During this process, we reviewed the consistency of the submissions. If traceability and completeness were unsatisfactory or if the description is incorrect, OR was created and sent to the developer. Developers must modify their submissions simultaneously to provide traceability and completeness of the documentation. Since the OR should be revised until the 5th working day, there was a lack of resources to cope with the development of TOE at the same time due to a modification of all submissions and OR.
In general, a household appliance development company lacks a security engineer who performs CC or security as compared to a security production development company. For the company which prepares CC certification for the first time, the security engineer is much more lacking, and this can result in the certification delay. Therefore, it is recommended to revise submissions and prepare the TOE development resources sufficiently to have a smooth evaluation process before starting the evaluation.

4. Conclusions

In a home IoT environment, Smart TVs that are close to users increasingly require security and reliability. When a Smart TV is hacked, a user’s sensitive information may be leaked and the invasion of privacy may occur because Smart TVs are connected to the Internet and have cameras. In addition, when user’s payment information stored in Smart TV for shopping and contents purchasing is hacked, financial damage may occur. Therefore, the security and reliability of Smart TVs should be improved.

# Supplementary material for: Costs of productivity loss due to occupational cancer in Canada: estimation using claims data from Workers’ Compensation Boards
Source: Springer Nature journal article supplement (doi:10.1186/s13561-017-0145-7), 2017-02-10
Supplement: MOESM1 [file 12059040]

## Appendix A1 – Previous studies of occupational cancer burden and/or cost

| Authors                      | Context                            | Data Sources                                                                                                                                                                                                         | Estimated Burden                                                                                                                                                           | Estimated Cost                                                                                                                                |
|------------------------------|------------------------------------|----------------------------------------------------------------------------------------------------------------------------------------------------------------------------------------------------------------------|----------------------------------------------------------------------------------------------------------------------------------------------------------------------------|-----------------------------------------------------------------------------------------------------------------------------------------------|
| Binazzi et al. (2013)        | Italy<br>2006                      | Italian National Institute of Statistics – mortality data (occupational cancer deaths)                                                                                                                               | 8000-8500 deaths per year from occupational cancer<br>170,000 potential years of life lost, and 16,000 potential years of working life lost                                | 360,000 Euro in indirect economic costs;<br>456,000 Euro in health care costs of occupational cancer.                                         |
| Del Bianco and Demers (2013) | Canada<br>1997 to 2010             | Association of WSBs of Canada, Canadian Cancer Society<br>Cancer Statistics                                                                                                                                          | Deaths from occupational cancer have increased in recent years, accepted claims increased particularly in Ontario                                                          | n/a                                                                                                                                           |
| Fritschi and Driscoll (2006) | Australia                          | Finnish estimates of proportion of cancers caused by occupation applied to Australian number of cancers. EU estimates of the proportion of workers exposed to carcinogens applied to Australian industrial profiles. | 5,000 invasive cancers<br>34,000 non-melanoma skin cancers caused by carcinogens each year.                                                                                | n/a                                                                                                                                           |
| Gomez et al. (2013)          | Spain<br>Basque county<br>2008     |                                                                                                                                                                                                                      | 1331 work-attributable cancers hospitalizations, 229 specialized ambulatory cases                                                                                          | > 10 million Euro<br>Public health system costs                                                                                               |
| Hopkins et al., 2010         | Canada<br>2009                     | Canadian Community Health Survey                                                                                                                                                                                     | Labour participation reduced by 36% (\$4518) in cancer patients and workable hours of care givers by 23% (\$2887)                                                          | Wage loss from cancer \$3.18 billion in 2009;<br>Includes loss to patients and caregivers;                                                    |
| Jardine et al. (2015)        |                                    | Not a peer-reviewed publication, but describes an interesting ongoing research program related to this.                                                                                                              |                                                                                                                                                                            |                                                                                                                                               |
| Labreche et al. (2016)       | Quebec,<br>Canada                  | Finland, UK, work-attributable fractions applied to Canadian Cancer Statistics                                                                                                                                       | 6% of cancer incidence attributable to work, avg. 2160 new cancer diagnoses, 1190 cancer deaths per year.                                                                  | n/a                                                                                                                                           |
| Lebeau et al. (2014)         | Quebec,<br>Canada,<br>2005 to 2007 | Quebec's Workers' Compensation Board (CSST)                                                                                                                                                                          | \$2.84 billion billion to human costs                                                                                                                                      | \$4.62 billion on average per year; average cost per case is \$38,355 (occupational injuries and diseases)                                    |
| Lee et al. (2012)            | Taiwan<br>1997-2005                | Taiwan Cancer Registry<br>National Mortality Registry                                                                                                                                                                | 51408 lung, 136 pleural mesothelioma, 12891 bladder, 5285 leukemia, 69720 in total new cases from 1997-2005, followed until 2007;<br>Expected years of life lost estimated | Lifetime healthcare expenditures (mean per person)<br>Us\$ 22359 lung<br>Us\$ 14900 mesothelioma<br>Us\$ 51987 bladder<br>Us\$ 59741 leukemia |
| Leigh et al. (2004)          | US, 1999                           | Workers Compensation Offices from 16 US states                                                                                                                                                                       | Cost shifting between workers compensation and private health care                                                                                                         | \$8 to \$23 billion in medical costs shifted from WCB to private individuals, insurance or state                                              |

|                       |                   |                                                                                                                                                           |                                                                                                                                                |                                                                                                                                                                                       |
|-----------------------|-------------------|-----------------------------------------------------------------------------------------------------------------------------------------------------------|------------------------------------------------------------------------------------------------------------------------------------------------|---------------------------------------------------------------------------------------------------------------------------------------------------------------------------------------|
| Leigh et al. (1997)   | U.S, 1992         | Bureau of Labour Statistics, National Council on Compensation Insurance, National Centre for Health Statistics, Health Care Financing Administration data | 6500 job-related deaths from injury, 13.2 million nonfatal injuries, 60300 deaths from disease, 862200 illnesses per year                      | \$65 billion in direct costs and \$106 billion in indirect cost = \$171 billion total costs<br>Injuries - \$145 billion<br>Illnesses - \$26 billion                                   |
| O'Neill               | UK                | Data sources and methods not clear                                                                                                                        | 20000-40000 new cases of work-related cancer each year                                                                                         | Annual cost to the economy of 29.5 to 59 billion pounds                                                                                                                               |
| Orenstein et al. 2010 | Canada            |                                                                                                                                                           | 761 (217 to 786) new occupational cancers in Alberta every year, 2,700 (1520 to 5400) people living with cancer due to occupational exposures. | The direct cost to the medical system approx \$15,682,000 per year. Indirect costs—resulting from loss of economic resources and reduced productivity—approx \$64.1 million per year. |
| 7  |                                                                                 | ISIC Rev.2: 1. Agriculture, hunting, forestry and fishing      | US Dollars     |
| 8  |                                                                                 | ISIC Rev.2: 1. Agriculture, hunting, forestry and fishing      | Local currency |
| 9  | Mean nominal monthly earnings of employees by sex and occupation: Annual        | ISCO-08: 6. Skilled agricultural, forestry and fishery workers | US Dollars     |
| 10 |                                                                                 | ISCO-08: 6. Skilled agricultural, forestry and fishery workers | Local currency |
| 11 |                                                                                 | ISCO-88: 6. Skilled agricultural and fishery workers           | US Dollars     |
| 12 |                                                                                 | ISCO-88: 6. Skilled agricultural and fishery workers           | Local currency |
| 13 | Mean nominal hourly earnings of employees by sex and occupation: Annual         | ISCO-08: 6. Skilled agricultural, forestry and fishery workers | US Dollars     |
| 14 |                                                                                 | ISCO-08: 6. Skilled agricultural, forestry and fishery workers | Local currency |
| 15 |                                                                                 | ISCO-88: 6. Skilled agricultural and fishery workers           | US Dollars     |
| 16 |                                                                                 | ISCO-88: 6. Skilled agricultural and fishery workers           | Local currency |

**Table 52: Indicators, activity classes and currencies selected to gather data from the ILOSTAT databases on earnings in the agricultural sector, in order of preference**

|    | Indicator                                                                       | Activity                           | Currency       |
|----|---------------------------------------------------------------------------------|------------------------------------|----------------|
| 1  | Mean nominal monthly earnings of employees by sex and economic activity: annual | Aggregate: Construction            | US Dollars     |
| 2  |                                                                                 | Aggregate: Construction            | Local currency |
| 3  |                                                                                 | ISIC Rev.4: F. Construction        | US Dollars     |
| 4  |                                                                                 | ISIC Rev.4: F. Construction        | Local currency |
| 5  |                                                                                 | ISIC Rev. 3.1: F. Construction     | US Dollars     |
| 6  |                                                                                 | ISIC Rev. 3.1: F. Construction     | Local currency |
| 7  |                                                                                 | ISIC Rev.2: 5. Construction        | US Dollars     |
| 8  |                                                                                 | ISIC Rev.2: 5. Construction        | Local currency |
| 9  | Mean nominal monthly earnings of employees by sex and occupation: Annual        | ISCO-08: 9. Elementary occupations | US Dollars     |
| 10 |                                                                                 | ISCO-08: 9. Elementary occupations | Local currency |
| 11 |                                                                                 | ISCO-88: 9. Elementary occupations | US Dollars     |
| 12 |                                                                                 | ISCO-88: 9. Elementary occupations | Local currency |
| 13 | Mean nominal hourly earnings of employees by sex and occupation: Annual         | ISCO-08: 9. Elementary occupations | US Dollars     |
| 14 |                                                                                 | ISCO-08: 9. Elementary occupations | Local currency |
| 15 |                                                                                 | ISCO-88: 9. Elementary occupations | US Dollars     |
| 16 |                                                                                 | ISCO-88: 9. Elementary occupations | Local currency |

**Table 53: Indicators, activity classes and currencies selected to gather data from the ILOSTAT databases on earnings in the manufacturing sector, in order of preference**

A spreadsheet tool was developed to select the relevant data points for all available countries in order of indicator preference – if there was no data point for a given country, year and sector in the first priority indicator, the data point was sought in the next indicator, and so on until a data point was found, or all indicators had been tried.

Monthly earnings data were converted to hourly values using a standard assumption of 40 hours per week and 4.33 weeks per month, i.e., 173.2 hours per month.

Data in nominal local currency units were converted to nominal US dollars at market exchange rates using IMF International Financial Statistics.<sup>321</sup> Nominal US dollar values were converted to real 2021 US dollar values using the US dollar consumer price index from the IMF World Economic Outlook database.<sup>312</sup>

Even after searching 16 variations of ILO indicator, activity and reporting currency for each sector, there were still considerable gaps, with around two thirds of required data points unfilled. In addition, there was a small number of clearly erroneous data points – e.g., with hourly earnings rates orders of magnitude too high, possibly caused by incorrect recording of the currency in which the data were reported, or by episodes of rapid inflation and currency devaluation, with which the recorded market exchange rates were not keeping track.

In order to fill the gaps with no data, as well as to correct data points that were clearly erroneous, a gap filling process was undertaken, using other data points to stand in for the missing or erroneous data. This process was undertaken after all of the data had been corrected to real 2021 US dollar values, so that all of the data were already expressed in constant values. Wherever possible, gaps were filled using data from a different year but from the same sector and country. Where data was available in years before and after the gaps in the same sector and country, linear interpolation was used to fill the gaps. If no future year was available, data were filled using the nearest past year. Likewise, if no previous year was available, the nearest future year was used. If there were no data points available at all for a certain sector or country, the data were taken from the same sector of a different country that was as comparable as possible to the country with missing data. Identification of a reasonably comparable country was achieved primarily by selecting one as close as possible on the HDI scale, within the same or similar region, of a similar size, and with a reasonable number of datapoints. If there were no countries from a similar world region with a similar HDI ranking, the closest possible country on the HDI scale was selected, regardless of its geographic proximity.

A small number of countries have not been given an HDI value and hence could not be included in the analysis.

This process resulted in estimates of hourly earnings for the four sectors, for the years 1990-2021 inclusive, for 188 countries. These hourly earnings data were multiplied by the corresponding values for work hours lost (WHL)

One of the best method to improve security and reliability is to obtain CC certification following ISO/IEC 15408. The existing CC certification is EAL1 passing only the basic functional tests. However, security threats continue to increase, so we have acquired the world’s first EAL2 CC certification through structural testing for security and reliability.
Here, we have shared our case of a LG Smart TV obtaining EAL2 certification. The world’s first EAL2 certification process presented in this study is novel and will add great value to the field of Smart TV security. This study can also be used as a good reference for future security and reliability studies of home appliances. We will study a single modularity of security platforms that can be applied to various home appliances in the future.


This research was supported by the Korea University Grant (K1711171).

Author Contributions

Sooyoung Kang: Research for related works, Smart TV analysis, write evaluation submissions, CC certification acquisition, and drafting of the article. Seungjoo Kim: Total supervision of paperwork, review, comments, assessment, etc.

Conflicts of Interest

The authors declare no conflict of interest.


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Figure 1. DRM verification protocol.
Figure 1. DRM verification protocol.
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Figure 2. Classification of Practical Security Testing Methods.
Figure 2. Classification of Practical Security Testing Methods.
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Table 1. Table of acronyms.
Table 1. Table of acronyms.
ADVAssurance DeVelopment Class
AGDAssurance Guidance Documents Class
ALCAssurance Life-Cycle Support Class
ARCSecurity ARChitecture
ASEAssurance Security Target Class
ATEAssurance Teste Class
AVAAssurance Vulnerability Analysis Class
CCCommon Criteria
CCDBCommon Criteria Development Board